What could be letter than an evening with a fine acoustic blues artist? How about an evening with four fine acoustic blues artists?
The occasion was modestly billed as "The Greatest Acoustic Blues Show On Earth," and held at the Palladium Theater in St. Petersburg, Fla., where, if you'll remember, BlueNotes has his winter headquarters.And for a few hours Saturday night, it lived up to its billing.
The featured artists were (in case you didn't read the headline) Roy "Book" Binder, Jimmy "Duck" Holmes, Paul Geremia and Rory Block.Yes, it was a good evening, each offered a good look why he/she is considered one of the best at what he/she does. Let's take a look at them in the order they performed.
Binder is a wry, wiry guy with a deceptively easy fingerpicking style, clever songwriting skills and a cool cap.
He's one of the acknowledged acoustic masters, and demonstrated all his skills with original tunes like "St. Pete Blues" (dedicated to his home town), "New Age Woman Blues," and more traditional material like Blind Boy Fuller's "Rag Mama Rag," Mississippi John Hurt's "Keep on Knockin'," and Pink Anderson's "C.C. and O. Blues."
Among several interesting stories, Binder told was how the first names of bluesmen Anderson and Floyd Council provided the name of the band Pink Floyd.
Holmes has been performing for years, and runs the oldest juke joint in Mississippi, the Blue Front, but he didn't begin to record and move outside the Bentonia circle until the mid-2000s.
He talked about his early years, the music of the men he learned from, especially Owens, and played traditional blues like James' "Devil Got My Woman," and the classic "Little Red Rooster."Owens was a real glimpse of history, a player who was part of an era that others only imitate. He's touring more these days, so if you get a chance to see him, don't miss it.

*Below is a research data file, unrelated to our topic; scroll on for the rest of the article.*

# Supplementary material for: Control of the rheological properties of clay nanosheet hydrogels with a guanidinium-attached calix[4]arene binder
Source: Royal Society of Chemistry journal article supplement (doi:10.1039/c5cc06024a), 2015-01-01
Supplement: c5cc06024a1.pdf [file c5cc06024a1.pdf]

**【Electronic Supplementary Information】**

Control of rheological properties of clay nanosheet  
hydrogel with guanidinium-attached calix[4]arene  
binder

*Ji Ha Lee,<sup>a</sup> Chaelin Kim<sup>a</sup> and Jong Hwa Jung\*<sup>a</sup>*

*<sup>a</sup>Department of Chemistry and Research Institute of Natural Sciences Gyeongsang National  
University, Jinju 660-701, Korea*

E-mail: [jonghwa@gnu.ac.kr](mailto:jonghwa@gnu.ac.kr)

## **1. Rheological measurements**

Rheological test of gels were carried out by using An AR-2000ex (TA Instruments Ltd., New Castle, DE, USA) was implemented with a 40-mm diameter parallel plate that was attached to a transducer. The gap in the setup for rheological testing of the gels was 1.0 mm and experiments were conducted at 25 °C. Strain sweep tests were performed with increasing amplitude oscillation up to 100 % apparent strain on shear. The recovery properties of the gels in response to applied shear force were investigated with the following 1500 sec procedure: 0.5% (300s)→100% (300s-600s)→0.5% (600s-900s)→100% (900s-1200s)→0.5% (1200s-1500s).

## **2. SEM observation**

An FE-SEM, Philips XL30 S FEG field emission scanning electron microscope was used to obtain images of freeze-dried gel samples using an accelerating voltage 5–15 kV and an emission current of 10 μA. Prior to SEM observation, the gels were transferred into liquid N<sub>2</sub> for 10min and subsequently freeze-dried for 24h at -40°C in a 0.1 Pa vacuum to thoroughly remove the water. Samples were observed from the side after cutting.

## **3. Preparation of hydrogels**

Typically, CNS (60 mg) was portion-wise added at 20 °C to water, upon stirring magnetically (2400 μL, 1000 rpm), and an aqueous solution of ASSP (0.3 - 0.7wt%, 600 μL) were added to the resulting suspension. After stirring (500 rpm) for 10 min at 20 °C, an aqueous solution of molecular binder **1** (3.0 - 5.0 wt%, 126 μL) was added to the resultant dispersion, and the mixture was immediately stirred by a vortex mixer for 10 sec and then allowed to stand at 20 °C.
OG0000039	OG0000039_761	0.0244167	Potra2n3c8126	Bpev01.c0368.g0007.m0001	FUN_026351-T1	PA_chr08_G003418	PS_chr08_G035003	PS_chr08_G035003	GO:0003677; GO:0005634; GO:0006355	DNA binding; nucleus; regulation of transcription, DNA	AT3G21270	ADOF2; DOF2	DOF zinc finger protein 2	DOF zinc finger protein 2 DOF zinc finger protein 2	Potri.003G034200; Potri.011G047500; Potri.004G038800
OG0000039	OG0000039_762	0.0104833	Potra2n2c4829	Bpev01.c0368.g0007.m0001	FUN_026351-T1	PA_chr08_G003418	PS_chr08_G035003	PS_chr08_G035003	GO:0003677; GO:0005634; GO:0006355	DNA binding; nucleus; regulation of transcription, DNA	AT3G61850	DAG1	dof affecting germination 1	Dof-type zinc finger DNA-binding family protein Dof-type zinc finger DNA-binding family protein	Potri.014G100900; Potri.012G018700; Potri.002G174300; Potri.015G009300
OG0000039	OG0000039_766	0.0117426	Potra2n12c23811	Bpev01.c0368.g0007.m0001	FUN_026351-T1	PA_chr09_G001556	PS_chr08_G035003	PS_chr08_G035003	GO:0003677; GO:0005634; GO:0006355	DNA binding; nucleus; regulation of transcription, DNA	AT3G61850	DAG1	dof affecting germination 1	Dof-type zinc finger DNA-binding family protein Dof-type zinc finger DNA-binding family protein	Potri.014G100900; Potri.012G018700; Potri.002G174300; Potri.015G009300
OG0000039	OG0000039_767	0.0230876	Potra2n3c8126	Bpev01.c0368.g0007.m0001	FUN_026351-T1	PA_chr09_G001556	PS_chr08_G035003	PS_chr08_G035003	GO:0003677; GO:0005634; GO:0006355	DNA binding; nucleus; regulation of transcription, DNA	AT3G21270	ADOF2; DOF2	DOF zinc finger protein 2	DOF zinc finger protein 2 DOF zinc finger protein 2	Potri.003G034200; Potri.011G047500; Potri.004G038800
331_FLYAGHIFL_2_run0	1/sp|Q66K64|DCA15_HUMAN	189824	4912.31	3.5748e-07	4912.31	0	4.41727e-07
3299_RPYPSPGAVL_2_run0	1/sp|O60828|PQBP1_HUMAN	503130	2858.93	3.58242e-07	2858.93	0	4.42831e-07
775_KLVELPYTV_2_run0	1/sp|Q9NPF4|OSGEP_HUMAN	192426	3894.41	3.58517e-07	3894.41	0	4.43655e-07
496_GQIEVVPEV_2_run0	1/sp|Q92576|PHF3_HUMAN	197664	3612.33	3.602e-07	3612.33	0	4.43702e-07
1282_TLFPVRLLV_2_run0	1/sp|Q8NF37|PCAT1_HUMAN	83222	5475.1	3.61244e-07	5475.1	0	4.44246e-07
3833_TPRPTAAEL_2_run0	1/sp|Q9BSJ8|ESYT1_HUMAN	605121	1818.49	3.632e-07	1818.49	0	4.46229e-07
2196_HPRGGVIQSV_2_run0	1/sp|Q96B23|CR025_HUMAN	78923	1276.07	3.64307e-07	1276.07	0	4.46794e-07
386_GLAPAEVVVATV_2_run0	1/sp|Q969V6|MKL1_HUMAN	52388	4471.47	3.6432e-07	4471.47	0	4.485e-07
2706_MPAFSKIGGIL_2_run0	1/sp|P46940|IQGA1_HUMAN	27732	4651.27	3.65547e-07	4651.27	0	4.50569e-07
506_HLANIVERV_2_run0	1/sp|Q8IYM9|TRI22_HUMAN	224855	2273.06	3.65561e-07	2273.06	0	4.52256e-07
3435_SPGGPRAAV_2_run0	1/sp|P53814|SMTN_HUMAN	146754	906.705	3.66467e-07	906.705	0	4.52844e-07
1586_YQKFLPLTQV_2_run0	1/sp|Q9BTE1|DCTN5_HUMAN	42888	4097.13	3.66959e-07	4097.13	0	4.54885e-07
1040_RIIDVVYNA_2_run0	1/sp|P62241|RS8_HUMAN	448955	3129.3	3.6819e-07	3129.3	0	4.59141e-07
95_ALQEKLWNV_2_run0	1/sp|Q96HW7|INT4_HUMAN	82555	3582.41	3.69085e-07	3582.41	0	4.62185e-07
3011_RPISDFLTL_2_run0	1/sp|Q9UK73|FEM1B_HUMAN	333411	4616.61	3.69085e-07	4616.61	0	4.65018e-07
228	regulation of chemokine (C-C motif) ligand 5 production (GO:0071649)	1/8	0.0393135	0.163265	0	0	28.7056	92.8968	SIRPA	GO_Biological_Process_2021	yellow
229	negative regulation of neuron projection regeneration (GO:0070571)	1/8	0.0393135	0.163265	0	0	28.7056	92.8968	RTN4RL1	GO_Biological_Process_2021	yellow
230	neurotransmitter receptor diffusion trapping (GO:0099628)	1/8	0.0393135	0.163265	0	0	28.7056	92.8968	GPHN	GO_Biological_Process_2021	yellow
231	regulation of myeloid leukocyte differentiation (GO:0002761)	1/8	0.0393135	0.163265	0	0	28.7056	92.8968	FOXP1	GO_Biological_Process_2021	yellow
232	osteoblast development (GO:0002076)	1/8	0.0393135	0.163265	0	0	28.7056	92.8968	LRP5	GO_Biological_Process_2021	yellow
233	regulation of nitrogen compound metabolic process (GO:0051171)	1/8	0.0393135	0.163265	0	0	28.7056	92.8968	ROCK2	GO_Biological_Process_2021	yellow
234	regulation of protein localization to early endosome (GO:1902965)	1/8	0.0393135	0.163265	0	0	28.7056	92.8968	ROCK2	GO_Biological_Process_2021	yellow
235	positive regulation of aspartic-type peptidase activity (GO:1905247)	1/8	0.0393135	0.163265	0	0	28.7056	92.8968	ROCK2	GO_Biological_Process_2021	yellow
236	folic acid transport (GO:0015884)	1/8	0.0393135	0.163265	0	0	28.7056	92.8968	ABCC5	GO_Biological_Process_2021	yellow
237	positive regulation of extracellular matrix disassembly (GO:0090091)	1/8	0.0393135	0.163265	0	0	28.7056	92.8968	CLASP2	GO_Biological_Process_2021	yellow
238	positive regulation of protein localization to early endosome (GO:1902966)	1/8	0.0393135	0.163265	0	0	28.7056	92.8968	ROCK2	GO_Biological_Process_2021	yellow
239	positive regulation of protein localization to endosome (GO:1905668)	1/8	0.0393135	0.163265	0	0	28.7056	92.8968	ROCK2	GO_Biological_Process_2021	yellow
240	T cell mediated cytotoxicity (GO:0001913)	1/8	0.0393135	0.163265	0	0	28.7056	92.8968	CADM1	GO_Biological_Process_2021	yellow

Paul Geremia followed an intermission, an irascible dude with a floppy fedora, and a sly way with his guitar and lyrics. And an amazing set of fingers.
He picked out his own songs -- "Rising River Blues," "Still Think About You," and "Wonderful Affliction" (inspired by a divorce, he said). He did Robert Johnson's "Stones in My Passway," among other classics, demonstrating why his fingers belong in the Smithsonian.
Rory Block closed the night with her usual amazing guitar work on blues classics like Johnson's "Crossroads Blues" and "Me and the Devil Blues," Son House's "Death Letter Blues," ''Preachin' Blues," and an old acoustic Muddy Waters tune, "I Be Bound."
She threw in a few originals -- from blues to folk to gospel, including the lovely "From the Dust" -- mingled with stories from her life and her observations on life. She spent her teen years in New York City learning from old artists resurrected for the blues revival of the 1960s.
Block is one of the few artists -- male or female -- who captures the acoustic masters with hair-raising fidelity -- foot-stomping, guitar pounding, slide-tingling authenticity.
In fact, most of those performing Saturday night claim similar connections to players like House and Rev. Gary Davis and more. They're doing admirable work that's helping to keep alive the origins of the blues -- a valuable service at a time when there are very few old masters left.
So it was indeed a fine night, enjoying the spirit of great blues.